This is a false claims act (FCA) case against Cook County, Illinois for misusing federal grant money that supported a research program involving drug-dependent pregnant women. The case has two significant holding: one relating to punitive damages against counties under the FCA; and the other the discovery of records covered by the federal privacy statutes for drug and alcohol treatment records. Everyone dealing with the FCA or with control of federally protected alcohol and drug abuse records should review this case.
Cook County argued that it was not a person for the purposes of the FCA, based on Vermont Department of Natural Resources v. United States ex rel. Stevens, 529 U.S. 765 (2000) which found that states were not persons within the definition of the FCA. Cook County further argued that if it was a person subject to the FCA, then the traditional common law bar on punitive damages against counties should obviate its liability for treble damages and/or statutory penalties under the FCA. After a careful analysis of the FCA and the recent case law, the Court found that Cook County was a person under the FCA. The court then turned to the common law bar on punitive damages. It did find that this was recognized in precedent cases involving other federal laws, including the ADA and certain cases under 42 USC 1983, but that these were based on a policy analysis of the purpose of the damages under the statute and the effect on the county. The court found that much of the purpose for the punitive damages under the FCA is disgorgement of improperly spent funds, and that the county and its citizens were the beneficiaries of these improperly spent funds. Based on this analysis, the court found that the county was subject to punitive damages under the FCA.
Plaintiff in this action sought discover of redacted patient records to document her charges. These were unsatisfactory and trial court entered an order allowing the plaintiff to see the complete records of many patients. Defendant argued that this violates the federal privacy protections for alcohol and drug abuse records. Interesting, since there is no common law physician-patient privilege against disclosure of information in court, the only limits on disclosure in federal court cases are those imposed by specific statutes. Until the passage of the federal laws protecting alcohol and drug abuse records, patient records were freely available in federal actions such as antitrust cases and Medicare/Medicaid fraud prosecutions. (Subject to reasonable rules on protecting patient privacy, consistent with the needs of discovery.) These laws provide:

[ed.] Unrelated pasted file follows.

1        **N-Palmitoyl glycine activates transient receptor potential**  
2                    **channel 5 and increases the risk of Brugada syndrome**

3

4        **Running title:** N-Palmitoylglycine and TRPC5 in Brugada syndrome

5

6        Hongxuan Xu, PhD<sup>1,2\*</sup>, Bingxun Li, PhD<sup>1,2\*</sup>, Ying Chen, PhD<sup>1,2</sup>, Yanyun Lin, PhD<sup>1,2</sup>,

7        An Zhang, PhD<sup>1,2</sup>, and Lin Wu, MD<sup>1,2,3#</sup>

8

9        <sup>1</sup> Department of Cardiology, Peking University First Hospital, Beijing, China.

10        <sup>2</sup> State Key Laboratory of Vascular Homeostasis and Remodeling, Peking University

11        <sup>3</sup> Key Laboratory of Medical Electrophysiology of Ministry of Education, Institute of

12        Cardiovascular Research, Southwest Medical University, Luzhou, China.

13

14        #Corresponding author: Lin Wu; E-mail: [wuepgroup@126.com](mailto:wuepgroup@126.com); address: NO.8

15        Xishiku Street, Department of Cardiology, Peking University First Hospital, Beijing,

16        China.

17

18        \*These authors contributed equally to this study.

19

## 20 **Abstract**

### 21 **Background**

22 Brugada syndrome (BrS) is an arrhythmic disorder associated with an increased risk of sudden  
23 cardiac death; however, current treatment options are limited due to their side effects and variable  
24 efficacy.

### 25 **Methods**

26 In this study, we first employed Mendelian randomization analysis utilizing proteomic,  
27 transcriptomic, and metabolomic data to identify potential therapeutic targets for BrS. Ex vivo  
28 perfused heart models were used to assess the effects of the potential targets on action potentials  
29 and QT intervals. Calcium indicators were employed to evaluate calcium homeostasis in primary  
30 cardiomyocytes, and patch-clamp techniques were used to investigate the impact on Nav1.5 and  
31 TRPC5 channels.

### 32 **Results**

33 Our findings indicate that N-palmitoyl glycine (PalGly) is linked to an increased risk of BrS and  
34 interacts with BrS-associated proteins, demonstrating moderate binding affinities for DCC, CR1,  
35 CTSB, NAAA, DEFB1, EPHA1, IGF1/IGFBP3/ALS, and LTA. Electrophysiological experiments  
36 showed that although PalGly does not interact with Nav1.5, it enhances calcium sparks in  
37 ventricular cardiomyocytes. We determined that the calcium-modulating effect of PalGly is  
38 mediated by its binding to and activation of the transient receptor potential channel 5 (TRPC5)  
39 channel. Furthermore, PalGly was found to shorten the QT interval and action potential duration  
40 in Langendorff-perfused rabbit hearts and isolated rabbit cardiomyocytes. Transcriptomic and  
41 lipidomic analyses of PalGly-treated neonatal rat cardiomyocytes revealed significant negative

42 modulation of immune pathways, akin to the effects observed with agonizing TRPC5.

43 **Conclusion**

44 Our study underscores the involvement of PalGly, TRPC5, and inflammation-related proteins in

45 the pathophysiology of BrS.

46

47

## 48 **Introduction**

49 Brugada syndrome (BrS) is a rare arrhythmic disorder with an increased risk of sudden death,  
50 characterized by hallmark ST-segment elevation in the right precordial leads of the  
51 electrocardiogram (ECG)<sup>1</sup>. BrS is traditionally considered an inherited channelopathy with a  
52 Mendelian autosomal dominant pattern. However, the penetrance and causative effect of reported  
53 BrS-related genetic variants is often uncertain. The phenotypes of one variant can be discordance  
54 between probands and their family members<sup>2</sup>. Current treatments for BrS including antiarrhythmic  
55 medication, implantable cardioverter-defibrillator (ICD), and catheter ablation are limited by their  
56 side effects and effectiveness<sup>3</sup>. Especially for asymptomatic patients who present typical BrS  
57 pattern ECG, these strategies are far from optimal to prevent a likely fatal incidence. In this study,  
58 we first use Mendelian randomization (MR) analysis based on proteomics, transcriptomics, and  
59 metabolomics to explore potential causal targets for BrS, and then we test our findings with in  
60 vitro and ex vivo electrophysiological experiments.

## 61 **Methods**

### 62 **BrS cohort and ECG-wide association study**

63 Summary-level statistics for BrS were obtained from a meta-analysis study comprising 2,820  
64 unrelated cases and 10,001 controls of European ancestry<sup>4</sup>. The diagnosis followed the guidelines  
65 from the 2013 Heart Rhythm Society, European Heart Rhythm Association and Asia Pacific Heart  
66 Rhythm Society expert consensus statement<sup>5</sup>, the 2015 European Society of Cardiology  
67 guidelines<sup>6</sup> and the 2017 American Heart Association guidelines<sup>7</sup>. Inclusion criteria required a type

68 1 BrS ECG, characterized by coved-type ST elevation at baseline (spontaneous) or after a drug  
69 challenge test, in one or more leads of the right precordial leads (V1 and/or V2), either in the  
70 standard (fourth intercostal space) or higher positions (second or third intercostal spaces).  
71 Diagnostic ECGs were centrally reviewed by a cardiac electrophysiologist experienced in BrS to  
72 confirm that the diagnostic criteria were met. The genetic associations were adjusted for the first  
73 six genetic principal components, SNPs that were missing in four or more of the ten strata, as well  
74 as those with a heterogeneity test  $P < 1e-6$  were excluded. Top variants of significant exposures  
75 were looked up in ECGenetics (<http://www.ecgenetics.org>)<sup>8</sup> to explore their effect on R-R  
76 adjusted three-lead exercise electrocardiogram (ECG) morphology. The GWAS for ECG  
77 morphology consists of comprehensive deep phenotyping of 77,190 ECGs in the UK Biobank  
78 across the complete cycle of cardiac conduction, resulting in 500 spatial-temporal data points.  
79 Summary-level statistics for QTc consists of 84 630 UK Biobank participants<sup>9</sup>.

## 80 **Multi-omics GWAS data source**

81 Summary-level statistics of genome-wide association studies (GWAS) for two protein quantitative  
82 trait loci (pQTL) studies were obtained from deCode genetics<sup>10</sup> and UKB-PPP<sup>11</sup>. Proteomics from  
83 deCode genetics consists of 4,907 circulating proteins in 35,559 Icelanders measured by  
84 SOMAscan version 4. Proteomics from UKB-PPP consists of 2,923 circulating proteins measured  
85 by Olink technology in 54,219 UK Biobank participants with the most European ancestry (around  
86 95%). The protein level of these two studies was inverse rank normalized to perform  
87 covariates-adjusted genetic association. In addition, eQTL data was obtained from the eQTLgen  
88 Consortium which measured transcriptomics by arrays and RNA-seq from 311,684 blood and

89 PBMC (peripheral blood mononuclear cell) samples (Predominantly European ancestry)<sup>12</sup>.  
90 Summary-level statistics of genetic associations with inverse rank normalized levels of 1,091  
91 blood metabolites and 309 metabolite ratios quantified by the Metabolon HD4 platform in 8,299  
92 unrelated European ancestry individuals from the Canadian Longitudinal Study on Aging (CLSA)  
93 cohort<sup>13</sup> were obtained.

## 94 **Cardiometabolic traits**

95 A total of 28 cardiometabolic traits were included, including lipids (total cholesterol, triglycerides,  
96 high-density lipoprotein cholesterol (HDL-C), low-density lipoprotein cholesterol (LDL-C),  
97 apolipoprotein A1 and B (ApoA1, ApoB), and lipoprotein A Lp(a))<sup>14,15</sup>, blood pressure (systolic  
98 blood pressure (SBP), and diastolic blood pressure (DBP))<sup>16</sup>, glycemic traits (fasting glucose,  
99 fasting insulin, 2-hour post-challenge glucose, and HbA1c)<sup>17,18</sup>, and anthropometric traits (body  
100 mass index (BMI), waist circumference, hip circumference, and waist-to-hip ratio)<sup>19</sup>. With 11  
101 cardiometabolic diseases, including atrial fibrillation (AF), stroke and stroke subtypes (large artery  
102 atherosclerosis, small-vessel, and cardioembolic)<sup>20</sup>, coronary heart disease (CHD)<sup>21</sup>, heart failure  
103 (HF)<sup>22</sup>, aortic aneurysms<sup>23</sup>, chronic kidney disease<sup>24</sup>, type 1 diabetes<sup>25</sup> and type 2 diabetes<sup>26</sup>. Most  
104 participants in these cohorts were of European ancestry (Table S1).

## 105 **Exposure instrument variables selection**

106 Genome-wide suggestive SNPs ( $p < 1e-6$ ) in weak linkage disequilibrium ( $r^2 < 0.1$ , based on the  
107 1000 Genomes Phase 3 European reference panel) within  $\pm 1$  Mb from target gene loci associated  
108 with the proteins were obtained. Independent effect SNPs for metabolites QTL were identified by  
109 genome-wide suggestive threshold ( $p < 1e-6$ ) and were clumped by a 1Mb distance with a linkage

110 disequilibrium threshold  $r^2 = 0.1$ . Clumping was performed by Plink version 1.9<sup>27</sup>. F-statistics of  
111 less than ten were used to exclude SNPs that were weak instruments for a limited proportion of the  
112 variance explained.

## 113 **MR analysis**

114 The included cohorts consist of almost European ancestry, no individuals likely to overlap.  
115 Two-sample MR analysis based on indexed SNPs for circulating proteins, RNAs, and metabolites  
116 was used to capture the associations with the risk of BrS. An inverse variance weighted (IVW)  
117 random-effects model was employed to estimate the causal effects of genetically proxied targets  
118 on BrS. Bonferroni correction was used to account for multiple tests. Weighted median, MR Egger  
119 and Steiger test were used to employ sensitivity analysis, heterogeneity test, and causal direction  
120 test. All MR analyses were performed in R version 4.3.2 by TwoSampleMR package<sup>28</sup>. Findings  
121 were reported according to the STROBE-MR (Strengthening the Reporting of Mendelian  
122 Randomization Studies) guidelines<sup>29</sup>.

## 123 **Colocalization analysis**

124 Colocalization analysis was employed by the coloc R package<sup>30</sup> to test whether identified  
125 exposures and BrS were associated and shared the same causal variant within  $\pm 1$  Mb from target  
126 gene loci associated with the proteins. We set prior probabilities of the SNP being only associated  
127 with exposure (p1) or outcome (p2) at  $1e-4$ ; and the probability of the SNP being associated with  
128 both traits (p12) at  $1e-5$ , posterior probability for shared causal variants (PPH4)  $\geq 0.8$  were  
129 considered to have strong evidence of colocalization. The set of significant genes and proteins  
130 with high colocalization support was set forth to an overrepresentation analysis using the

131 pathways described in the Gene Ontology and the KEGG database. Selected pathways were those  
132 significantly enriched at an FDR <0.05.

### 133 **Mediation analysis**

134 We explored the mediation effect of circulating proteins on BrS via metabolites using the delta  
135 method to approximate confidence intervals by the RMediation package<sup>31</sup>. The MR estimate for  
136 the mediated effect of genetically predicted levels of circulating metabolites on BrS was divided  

"Federal law restricts the disclosure of information obtained 'in connection with the performance of any program or activity relating to substance abuse education, prevention, training, treatment, rehabilitation or research' conducted by the United States or with federal money. 42 U.S.C. sec. 290dd-2. Disclosure is permitted with patient con sent, 42 U.S.C. sec. 290dd-2(b)(1), or '[i]f authorized by an appropriate order of a court of competent jurisdiction granted after application showing good cause therefor, including the need to avert a substantial risk of death or serious bodily harm,' id. sec. 290dd-2(b)(2)(C). 'In assessing good cause the court shall weigh the public interest and the need for disclosure against the injury to the patient, to the physician-patient relationship, and to the treatment services. . . . [T]he court, in determining the extent to which any disclosure of all or any part of any record is necessary, shall impose appropriate safeguards against unauthorized disclosure.' Id. sec. 290dd-2(b)(2)(C)."
The court recognized that patient records can contain both protected and unprotected information and that statute only prevents disclosure of the protected information. Before the court can allow the disclosure of confidential information, the patients must be notified and given an opportunity to consent or to objected to the order. If the patients consent, then disclosure must be made. If the patients do not consent, then the court may only order disclosure in these circumstances:
"(1) The disclosure is necessary to protect against an existing threat to life or of serious bodily injury . . . (2) The disclosure is necessary in connection with investigation or prosecution of an extremely serious crime, such as one which directly threatens loss of life or serious bodily injury, including homicide, rape, kidnapping, armed robbery, assault with a deadly weapon, or child abuse and neglect; or (3) The disclosure is in connection with litigation or an administrative proceeding in which the patient offers testimony or other evidence pertaining to the content of confidential communications. 42 C.F.R. sec. 2.63(a)."
The court found that none of these apply to plaintiff's case so the court must redact all confidential communications before releasing records to the plaintiff. As this case demonstrates, while these laws may provide useful protection for patient confidentiality, they it very hard to investigate or prosecute cases against drug treatment programs.
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